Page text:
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The American Child Labor Regime


For once, the massive amount of child labor in this nation is receiving attention. I talk about it frequently, but as a third-rate historian on a top 100 political science blog, let’s just say it hasn’t changed the world. But when the Times talks about it, it does get attention, including from the Biden administration. But as Eric Levitz points out (and I have talked about this too), the issue is that the nation doesn’t want immigration but does want cheap labor so you have people, in this case children, who fall through the cracks.

On paper, this does not look like a difficult policy problem to solve. A precocious grade-schooler wouldn’t need much time to ascertain the basic answer: If the U.S. expands immigration opportunities for international workers, our labor shortage and Central Americans’ economic woes should ease simultaneously. After all, there is no “skills” mismatch between economically desperate Central Americans and open U.S. positions. The U.S.’s labor shortage is concentrated in fields that do not require an extensive education. The U.S. needs more kitchen staff, construction workers, and delivery drivers. Central America is home to a large number of people with the interest in and capacity to perform those roles. Opportunities for “win-win” policy-making are rarely so clear-cut.

Yet U.S. policy-makers refuse to take the win. Instead, their answer to the twin problems of a U.S. labor shortage and Central American poverty crisis is, effectively, as follows: To close the gap between job openings and available workers, the Federal Reserve will simply raise interest rates until a critical mass of Americans become too poor to afford discretionary purchases, demand for labor drops, and, in all probability, the U.S. enters a recession. Meanwhile, to mitigate the poverty of those to our south, the U.S. has been allowing Central American children to enter our country, work illegally at brutal jobs, then send remittances home to their adult family members. Specifically, we have decided to let Central American kids do this if — and only if — they embark on a roughly 2,000-mile journey to the U.S. border without a parent or guardian.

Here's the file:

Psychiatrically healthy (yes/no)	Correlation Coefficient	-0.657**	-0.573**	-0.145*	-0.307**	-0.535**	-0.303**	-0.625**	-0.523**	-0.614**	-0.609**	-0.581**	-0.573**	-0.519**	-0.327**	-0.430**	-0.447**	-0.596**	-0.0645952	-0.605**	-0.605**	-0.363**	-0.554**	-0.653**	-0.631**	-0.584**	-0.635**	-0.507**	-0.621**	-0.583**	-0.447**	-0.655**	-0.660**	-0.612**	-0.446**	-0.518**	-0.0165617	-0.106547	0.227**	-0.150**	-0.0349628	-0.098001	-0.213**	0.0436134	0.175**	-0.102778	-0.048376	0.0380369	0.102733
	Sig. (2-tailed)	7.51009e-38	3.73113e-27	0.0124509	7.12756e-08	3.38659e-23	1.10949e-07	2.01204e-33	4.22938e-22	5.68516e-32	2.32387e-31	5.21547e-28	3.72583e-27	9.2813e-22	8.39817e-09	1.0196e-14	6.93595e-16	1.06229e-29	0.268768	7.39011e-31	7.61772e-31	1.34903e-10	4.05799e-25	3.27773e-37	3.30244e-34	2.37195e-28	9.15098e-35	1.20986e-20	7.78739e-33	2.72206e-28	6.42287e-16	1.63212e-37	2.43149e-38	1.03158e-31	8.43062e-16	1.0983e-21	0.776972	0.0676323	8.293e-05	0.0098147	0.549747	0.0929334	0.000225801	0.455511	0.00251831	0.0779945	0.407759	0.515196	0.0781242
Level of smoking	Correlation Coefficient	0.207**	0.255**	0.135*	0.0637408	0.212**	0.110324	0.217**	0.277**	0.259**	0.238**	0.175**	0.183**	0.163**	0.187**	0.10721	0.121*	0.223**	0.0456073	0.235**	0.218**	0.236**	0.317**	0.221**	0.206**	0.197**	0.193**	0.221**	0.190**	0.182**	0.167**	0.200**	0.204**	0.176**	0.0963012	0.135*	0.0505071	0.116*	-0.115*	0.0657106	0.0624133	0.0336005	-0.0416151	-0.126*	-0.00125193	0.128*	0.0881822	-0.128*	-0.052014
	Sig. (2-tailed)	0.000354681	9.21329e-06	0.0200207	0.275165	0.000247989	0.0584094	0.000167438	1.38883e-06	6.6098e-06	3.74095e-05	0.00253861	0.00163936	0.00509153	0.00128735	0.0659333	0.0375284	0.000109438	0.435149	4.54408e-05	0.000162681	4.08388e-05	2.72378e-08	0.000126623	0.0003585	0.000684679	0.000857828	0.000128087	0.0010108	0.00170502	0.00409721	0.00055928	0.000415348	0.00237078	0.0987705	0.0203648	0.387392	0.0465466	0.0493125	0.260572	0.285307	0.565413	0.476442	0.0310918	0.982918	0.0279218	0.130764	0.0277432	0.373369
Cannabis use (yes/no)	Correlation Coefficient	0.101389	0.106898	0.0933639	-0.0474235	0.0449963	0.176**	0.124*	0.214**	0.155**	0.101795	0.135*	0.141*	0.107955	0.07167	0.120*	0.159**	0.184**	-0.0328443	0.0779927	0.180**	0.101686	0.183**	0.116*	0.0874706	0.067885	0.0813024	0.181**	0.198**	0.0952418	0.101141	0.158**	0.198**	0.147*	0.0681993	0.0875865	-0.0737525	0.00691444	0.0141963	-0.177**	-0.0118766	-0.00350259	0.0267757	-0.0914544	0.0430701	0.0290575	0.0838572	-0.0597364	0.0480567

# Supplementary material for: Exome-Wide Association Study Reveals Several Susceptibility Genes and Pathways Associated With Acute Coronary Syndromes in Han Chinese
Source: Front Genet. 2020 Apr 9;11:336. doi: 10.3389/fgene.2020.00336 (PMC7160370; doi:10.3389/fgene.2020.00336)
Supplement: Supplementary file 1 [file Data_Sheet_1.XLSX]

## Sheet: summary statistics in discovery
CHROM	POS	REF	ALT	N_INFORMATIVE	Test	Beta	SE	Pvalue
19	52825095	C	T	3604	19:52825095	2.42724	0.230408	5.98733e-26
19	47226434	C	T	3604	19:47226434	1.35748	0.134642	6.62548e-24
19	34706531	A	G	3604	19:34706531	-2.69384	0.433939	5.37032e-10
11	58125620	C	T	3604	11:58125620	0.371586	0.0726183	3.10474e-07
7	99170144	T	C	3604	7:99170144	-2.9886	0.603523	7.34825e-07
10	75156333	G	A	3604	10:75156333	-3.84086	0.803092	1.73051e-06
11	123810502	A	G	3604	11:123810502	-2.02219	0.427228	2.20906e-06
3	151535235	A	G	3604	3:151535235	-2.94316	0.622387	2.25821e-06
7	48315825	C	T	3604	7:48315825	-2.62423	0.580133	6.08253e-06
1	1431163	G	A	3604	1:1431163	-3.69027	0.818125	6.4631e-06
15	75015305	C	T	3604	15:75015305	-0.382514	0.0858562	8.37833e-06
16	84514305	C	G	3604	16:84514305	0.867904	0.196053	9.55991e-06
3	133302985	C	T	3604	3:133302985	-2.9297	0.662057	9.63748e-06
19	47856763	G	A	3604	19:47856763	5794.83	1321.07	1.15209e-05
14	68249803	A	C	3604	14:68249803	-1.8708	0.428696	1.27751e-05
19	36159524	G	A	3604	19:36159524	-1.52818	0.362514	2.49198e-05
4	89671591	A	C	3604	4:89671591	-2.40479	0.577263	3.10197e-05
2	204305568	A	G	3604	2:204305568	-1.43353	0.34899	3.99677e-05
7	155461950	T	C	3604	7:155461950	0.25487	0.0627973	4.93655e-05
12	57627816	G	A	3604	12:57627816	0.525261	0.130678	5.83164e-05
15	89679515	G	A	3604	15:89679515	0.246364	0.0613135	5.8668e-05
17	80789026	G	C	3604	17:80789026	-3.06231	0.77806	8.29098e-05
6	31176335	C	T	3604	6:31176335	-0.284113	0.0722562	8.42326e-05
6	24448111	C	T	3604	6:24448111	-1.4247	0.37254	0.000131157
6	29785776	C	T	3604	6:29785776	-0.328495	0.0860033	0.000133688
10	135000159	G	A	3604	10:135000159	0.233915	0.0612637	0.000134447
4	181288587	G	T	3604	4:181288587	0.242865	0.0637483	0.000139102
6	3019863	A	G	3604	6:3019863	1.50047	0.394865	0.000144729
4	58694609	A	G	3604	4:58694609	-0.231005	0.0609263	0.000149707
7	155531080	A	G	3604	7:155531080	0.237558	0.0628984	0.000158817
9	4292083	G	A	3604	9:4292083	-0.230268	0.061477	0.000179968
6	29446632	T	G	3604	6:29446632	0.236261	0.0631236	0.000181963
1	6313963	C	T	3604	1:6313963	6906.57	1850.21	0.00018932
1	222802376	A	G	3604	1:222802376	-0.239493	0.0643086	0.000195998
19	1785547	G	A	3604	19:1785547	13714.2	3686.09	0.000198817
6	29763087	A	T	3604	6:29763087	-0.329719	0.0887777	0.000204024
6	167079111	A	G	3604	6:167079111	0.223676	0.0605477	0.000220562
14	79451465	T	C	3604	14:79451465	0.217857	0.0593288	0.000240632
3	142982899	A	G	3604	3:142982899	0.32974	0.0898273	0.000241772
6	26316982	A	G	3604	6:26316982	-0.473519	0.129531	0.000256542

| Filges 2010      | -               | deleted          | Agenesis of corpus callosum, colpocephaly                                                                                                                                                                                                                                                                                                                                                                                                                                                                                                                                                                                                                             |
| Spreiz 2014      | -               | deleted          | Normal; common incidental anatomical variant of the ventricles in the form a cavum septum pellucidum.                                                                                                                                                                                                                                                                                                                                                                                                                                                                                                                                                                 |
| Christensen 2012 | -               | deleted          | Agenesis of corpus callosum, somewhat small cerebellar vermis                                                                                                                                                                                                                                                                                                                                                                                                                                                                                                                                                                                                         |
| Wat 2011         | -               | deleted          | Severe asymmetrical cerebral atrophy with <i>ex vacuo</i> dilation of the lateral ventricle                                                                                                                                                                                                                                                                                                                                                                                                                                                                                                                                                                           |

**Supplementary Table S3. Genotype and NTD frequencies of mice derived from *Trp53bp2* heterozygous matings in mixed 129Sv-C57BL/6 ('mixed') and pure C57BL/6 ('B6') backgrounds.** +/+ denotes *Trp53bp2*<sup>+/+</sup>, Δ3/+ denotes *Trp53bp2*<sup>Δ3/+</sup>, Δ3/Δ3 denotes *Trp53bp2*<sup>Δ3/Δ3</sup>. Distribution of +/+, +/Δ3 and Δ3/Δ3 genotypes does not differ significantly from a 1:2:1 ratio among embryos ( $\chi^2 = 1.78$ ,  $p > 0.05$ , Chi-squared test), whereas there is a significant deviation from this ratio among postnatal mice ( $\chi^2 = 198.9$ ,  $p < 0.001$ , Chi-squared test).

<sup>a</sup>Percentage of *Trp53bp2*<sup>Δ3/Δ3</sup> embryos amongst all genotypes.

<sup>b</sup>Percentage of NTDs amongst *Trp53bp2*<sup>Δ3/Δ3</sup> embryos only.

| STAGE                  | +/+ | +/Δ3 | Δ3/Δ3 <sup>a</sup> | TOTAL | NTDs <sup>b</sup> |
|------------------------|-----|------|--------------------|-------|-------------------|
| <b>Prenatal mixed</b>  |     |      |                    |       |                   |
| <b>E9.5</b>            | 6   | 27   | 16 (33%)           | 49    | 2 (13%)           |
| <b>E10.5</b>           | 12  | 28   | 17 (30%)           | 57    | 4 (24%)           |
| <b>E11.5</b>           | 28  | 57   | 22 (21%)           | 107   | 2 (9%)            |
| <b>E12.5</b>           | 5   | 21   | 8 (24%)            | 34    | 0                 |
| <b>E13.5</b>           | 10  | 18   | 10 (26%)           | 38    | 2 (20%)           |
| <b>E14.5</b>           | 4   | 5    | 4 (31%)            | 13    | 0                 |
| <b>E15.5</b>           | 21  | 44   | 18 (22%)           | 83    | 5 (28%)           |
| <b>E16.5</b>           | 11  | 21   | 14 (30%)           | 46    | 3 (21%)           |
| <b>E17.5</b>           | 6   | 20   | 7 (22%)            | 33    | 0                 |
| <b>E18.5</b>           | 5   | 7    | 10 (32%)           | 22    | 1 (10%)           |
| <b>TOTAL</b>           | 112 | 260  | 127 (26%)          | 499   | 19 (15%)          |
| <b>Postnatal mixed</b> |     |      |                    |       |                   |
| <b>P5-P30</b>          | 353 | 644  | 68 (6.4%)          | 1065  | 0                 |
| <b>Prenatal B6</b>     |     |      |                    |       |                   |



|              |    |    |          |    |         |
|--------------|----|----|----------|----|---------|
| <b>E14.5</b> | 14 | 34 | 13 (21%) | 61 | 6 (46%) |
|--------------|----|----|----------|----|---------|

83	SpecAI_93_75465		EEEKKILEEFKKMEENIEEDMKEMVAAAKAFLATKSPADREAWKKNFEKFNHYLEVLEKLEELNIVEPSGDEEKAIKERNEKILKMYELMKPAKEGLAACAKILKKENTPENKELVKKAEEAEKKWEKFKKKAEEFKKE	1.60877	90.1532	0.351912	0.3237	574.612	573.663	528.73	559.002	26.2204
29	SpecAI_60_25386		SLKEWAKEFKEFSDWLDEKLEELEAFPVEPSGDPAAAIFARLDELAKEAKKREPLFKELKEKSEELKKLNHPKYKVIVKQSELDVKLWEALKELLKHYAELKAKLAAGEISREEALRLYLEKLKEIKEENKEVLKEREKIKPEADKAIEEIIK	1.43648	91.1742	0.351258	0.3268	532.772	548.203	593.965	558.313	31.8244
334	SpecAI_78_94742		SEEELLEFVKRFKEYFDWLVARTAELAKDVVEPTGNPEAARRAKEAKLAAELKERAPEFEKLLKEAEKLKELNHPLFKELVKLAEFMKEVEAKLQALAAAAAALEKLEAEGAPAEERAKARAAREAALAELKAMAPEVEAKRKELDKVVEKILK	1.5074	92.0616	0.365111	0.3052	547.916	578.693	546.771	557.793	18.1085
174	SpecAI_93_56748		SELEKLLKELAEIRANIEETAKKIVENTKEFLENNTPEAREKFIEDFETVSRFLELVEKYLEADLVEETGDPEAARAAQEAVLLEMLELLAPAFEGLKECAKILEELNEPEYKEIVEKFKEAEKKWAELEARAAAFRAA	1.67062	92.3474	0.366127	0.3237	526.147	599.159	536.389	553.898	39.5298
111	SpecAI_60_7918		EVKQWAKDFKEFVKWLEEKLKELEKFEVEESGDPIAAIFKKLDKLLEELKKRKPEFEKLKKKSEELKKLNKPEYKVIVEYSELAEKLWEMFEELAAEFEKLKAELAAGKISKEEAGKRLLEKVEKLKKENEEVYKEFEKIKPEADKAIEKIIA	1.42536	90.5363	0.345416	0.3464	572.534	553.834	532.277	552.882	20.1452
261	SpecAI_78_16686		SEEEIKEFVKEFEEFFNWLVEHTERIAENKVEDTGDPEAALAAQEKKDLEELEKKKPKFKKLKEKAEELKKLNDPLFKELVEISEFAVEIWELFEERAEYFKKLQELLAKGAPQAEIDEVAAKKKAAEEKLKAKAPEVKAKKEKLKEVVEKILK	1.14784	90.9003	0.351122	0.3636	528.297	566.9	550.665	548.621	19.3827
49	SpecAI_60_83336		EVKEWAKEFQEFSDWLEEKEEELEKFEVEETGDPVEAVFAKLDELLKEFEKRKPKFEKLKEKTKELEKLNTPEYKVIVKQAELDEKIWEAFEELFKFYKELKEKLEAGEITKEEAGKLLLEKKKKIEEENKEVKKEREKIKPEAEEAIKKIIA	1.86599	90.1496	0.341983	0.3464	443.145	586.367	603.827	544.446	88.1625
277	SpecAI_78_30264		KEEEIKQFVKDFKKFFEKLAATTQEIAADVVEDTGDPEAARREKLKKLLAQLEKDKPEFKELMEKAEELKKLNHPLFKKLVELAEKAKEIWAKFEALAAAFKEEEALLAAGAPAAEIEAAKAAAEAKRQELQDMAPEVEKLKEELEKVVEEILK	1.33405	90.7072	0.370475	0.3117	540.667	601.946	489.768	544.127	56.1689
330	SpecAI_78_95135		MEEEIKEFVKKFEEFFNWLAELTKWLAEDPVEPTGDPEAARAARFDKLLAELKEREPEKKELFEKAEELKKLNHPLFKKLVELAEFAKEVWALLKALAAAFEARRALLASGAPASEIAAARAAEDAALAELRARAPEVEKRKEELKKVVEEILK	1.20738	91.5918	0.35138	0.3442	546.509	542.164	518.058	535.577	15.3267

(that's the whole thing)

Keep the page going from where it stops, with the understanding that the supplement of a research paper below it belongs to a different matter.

The first prong of this policy is open and intentional. The Federal Reserve has made no secret of its belief that beating inflation will require killing jobs and lowering wages. The second prong is a different story. U.S. officials have stumbled into what is in essence a child-labor trafficking policy, the cruelty and irrationality of which derive from negligence rather than intention.

Over the weekend, the New York Times published an investigation into the U.S.’s vast shadow workforce of child-migrant laborers. The paper uncovered stories of teenage roofers in Florida, delivery workers in New York City, and hotel maids in Virginia. Throughout every state in the union, across a wide variety of industries, minors from Central America are performing some of the most brutal jobs in the economy — in defiance of child labor laws. In some cases, these children were lured into the U.S. by de facto child-labor brokers who promised them comfortable homes and good schools — only to shunt the minors into 12-hour shifts, demanding that they pay back the cost of their passage.

In other instances, children have come to the U.S. with the intention of becoming full-time workers so that they can send money to their hungry families back home. This is, of course, an inversion of the conventional relationship between parents and children in the context of labor migration. (Typically, it is the adult who takes on the hazards of traveling thousands of miles, and the burdens of hard labor, in order to secure income for their kids.) But the U.S.’s disordered patchwork of immigration laws has rendered the opposite arrangement more feasible for many families.

Of course, given that the difference on immigration between Joe Biden and Stephen Miller is…..not very much, I have little confidence that anything will really change here.

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